Referencing a new draft bill in Wisconsin seeking to establish a medical fee schedule for workers’ compensation, Mark M. Grapentine, a senior vice president of government relations for the Wisconsin Medical Society, is on the record as saying, “This will cause a holy war at the capital.”
Might have phrased it differently, but I get his point. He might not even be far off the mark. There are some big stakeholders involved and one of them (the physicians) wasn’t invited to the table.
A fee schedule seems like a straightforward way to combat medical inflation and workers’ compensation reimbursement severity, but a glance at price and utilization numbers out of Wisconsin wouldn’t suggest such a legislative move is necessary. The linked article points out, courtesy of the National Council on Compensation Insurance, Wisconsin ranks in the top third of all states considered with one of the lowest average costs per medical claim filed between 2010 and 2012. Similarly Wisconsin can boast the fewest work days lost to disability by total disability claim of any state.
To some extent, we know what to expect with the implementation of a fee schedule: a negligible impact on utilization and an inelastic price response. The recent WCRI study on the impact of a fee schedule adjustment in Illinois serves as an excellent case study. While there was a 30 percent reduction in the Illinois medical fee schedule enacted in 2011, medical prices on average fell 24 percent. This was accompanied, however, by more frequent billing of costlier and more complex offices visits.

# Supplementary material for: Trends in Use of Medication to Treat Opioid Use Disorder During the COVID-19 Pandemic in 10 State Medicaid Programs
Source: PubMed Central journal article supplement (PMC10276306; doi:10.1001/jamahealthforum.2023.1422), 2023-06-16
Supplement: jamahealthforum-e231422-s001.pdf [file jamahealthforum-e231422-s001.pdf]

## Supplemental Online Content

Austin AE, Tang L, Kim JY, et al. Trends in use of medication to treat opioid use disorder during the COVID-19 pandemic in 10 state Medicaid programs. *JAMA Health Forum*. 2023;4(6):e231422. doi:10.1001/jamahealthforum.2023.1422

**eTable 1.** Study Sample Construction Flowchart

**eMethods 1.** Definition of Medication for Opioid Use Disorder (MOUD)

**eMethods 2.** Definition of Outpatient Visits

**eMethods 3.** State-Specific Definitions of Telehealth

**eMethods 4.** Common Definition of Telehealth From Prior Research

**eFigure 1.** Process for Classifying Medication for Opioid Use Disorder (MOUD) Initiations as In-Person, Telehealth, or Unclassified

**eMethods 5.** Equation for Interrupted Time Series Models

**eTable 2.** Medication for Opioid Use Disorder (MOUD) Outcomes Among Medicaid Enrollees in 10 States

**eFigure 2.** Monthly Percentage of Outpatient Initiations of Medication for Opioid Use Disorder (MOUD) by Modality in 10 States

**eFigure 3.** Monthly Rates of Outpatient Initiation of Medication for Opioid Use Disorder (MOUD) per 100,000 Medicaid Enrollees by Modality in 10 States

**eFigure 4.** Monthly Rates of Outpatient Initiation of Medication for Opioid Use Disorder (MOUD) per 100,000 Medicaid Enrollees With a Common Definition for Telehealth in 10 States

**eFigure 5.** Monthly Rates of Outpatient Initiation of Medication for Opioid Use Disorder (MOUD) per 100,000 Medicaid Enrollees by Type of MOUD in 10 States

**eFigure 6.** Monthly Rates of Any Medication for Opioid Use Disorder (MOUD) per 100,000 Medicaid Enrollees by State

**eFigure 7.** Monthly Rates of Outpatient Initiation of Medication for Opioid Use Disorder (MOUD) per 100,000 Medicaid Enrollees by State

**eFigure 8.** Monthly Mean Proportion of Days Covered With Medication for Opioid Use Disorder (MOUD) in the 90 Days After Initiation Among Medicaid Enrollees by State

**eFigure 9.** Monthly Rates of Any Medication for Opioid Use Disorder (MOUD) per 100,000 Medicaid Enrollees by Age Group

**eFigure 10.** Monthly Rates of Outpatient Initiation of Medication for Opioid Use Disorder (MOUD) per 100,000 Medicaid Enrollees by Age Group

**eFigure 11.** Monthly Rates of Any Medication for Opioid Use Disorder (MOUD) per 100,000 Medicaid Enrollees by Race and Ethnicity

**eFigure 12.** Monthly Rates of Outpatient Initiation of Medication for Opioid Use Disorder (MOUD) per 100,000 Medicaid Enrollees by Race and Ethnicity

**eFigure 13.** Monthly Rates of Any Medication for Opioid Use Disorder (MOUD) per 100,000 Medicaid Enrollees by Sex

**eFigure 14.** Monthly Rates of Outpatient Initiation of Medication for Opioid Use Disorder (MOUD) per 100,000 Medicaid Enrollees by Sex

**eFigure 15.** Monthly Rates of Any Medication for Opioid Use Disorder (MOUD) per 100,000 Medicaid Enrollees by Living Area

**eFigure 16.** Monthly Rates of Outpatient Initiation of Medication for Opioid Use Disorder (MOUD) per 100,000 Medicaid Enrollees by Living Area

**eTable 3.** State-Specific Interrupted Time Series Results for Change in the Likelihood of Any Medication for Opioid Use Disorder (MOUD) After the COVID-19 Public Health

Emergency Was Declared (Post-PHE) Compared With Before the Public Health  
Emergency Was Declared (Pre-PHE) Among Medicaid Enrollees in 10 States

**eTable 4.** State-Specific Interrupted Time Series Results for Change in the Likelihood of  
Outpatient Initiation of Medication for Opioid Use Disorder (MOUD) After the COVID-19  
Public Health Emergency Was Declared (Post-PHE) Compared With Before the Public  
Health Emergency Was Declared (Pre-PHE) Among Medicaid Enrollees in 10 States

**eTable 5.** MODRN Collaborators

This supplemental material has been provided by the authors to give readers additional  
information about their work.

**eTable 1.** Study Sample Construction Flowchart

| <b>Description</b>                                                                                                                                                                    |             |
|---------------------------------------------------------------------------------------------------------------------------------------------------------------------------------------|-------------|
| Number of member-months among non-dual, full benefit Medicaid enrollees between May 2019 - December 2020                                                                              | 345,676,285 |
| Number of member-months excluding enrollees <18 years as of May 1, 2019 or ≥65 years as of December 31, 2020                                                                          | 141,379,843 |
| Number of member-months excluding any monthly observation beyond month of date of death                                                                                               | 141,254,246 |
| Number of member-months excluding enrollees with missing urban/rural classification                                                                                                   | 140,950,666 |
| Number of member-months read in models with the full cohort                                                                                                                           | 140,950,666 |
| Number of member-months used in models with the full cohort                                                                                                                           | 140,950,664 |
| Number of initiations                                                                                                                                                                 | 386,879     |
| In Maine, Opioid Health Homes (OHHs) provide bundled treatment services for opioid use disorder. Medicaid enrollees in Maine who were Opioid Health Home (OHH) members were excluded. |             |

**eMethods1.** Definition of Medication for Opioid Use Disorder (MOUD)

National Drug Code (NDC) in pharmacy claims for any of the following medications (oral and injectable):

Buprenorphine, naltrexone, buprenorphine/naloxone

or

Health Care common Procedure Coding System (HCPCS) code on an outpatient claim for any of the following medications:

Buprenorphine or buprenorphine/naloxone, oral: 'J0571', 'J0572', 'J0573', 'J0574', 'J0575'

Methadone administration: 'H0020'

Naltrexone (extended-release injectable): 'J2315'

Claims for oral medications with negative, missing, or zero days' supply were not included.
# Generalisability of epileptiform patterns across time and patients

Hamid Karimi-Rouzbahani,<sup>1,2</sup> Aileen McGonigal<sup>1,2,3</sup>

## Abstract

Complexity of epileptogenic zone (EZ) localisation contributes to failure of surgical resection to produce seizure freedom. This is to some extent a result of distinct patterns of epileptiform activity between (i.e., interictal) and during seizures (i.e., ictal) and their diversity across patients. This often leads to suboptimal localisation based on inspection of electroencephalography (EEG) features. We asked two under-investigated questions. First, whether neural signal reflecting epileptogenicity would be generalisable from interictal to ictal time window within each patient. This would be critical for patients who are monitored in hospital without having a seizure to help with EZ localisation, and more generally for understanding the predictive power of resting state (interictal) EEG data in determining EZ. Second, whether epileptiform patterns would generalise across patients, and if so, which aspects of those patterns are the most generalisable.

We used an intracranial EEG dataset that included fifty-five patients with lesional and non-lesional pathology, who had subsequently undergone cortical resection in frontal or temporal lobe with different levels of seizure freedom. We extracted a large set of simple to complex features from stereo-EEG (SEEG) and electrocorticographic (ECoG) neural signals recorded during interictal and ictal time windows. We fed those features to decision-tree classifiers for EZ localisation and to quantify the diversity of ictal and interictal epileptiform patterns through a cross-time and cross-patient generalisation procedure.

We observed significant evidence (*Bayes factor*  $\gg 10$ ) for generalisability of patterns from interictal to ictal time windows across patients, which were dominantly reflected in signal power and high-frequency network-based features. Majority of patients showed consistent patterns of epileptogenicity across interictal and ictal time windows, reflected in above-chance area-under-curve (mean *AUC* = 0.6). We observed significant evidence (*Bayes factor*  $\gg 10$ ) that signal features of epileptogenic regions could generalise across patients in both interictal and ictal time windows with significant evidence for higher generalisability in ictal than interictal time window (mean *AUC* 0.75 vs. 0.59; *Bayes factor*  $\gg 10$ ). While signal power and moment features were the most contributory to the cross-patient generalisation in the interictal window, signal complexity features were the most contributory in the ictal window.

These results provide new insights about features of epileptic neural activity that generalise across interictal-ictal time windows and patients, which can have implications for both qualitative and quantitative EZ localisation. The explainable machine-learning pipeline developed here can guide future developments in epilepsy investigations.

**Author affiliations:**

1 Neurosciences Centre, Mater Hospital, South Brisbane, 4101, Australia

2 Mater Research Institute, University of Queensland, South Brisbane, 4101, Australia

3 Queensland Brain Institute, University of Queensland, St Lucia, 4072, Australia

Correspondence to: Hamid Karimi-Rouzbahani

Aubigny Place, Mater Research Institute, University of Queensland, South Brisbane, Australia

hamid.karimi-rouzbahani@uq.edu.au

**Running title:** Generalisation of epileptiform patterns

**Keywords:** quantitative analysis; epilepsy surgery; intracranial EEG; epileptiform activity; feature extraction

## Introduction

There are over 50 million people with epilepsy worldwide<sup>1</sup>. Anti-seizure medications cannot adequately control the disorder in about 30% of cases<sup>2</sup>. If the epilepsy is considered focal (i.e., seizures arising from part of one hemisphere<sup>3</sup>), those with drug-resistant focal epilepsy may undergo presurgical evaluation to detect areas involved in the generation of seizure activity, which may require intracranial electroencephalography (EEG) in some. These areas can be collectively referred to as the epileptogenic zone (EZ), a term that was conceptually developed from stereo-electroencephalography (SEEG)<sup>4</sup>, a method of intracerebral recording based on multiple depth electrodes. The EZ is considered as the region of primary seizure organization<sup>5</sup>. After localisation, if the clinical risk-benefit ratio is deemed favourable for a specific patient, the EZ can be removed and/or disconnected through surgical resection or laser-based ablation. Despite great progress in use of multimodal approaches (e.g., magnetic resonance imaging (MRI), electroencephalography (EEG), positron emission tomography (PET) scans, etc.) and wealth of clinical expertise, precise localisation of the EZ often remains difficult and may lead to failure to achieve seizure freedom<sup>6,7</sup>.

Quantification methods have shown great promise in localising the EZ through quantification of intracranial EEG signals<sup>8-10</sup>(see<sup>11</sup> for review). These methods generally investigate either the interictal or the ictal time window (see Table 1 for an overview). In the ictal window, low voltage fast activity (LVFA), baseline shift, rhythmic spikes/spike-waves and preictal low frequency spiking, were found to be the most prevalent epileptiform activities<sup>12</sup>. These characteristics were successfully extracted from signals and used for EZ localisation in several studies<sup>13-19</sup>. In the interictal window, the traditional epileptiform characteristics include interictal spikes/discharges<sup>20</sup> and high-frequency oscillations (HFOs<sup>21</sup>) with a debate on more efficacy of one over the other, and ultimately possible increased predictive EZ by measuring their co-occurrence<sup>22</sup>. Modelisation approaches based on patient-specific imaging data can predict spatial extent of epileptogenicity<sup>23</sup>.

My guess? This is a result of income targeting.
An implementation of a fee schedule in Wisconsin might similarly leave providers to pursue income targeting – increasing the amount of services provided to maintain the previous income level. Or it might cause providers to exit the business. As always time will tell and hopefully someone’s keeping track.
The economic recovery, while slow, is still ongoing. As employment numbers rise, so do workers’ compensation claims and expenditures. A fee schedule is a means of controlling costs, but it may do so at the cost of quality services and overburdened physicians. And lest we forget, the full impact of the Affordable Care Act has yet to play itself out as well.
I’d be surprised if Wisconsin legislators were eager to move on a new fee schedule.
On Twitter @PRIUM1
On Twitter @PRIUM1